Tremaine: Mischief.

    Bruno: Today it's something else.

    Tremaine: Well, today they don't have their parents disciplining. So many parents both work, and they're not home to discipline the children. And I think that makes the difference too.

    Bruno: I'm going to take a trip up to Hagley again.

    Tremaine: Right now the exhibit on the steam power is in the Museum. Which is very interesting.

    Bruno: The Museum is in where the woolen mill was?

    Tremaine: Yes.

    Bruno: Last time I went there I took a walk around to the side of it. The opposite side to the road where the buses go up. Where the water race comes. The race water used to run into the side of that building, and there was a giant wheel that generated the power to run the machinery. I recall the boss telling me to walk up that gangplank and oil the… for that big wheel. That wheel was as high as this house. And I was scared to death of that thing. They used to send me up there to oil that.

    Tremaine: Where did you have to go? Up high?

    Bruno: They had a catwalk up to the wheel. The wheel that generated the power.

    Tremaine: Like a catwalk to the top of it?

    Bruno: Now they blocked it off with brick. They sealed it all off. Then I used to have to rake with a large rake around the grates of that race where it come down. I remember many a time I'd pull the rake up there and I'll see a giant...oh...snapper. Oh they were good. I would probably a taken him home, my father would have ate him too. Snapper's good. But, you catch all kind of things there. Snappers. Eels. Used to have to clean that out once in a while. I'm surprised they still don't use that to generate electricity.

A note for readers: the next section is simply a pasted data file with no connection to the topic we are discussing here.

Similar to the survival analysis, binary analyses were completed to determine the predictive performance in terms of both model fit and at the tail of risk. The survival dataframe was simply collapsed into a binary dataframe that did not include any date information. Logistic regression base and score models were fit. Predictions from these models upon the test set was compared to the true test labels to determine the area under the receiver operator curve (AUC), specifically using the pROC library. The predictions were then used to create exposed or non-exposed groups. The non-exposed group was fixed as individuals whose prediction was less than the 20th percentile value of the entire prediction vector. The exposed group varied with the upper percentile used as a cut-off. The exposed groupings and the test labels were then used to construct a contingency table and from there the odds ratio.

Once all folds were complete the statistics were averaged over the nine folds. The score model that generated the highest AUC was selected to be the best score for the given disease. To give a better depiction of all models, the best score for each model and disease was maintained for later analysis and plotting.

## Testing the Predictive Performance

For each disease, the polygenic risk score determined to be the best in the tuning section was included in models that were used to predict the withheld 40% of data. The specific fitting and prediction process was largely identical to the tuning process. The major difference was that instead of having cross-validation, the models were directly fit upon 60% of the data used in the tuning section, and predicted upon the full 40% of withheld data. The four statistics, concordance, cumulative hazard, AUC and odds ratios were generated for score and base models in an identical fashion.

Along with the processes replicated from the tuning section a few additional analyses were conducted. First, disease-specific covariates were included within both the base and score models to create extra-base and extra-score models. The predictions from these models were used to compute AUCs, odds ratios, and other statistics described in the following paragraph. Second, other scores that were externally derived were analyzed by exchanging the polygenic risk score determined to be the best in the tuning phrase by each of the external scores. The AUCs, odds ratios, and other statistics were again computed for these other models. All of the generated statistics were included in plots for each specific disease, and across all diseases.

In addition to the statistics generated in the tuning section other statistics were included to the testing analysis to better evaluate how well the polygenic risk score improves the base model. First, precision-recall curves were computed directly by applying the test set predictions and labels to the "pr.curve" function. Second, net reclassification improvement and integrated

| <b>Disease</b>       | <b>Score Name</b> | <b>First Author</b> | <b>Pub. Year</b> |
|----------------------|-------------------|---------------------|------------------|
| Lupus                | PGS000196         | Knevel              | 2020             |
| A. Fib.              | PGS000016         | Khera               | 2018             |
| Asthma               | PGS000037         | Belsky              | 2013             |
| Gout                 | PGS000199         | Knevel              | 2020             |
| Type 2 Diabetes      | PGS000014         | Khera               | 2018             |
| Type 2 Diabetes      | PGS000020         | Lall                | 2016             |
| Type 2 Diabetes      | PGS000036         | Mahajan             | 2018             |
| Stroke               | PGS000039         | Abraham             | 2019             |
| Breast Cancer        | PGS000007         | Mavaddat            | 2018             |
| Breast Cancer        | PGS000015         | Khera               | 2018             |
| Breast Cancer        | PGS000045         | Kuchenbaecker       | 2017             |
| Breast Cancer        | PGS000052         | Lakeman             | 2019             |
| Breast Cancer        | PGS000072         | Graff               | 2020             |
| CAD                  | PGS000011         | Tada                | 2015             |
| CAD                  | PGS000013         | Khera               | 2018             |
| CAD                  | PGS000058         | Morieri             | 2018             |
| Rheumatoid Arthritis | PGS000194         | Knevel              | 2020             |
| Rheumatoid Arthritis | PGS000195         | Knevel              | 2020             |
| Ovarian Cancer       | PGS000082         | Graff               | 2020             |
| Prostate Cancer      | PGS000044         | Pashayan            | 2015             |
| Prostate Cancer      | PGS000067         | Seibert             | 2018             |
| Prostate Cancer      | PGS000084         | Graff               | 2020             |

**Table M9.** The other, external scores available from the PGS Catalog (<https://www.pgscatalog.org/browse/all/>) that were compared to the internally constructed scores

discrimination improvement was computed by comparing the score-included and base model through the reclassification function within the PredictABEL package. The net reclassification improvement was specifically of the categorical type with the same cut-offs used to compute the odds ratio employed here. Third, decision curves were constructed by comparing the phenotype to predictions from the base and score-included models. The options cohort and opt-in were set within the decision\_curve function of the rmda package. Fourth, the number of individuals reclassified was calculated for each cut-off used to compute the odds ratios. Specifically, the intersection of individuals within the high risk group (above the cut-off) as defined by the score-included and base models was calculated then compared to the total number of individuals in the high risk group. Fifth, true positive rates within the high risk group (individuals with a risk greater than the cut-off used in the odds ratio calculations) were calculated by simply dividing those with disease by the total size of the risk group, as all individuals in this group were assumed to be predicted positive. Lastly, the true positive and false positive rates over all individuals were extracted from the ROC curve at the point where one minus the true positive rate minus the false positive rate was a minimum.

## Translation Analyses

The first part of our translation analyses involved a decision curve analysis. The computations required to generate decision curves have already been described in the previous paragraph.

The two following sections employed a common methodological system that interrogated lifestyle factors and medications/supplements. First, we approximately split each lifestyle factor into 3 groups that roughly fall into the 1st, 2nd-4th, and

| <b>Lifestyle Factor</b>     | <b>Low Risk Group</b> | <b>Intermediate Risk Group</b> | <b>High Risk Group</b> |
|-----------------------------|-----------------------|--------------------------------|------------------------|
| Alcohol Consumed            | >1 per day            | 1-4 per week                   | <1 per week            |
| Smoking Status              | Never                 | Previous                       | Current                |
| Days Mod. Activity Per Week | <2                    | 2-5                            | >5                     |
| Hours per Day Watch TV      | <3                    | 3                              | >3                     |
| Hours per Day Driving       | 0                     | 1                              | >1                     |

Tremaine: Well...well of course they have that big power plant. Which has been knocked down. Remember the lightning storm a year ago.

    Bruno: Oh yeah.

    Tremaine: They knocked it out. But until then, I guess they have excess power they sell to DPGL. And they usually don't have to buy much. They sell what they don't use.

    Bruno: But uh...Boy that big wheel generated all the power for that big mill: You ran that machinery. Well the race isn't going now. Until they get the other...They're using the water from the upper race.

    (Tremaine gets up to leave. Talk about visiting Hagley. Disassembling the tape recorder.)

    Bruno: Can I carry that for you?

    Tremaine: Oh no.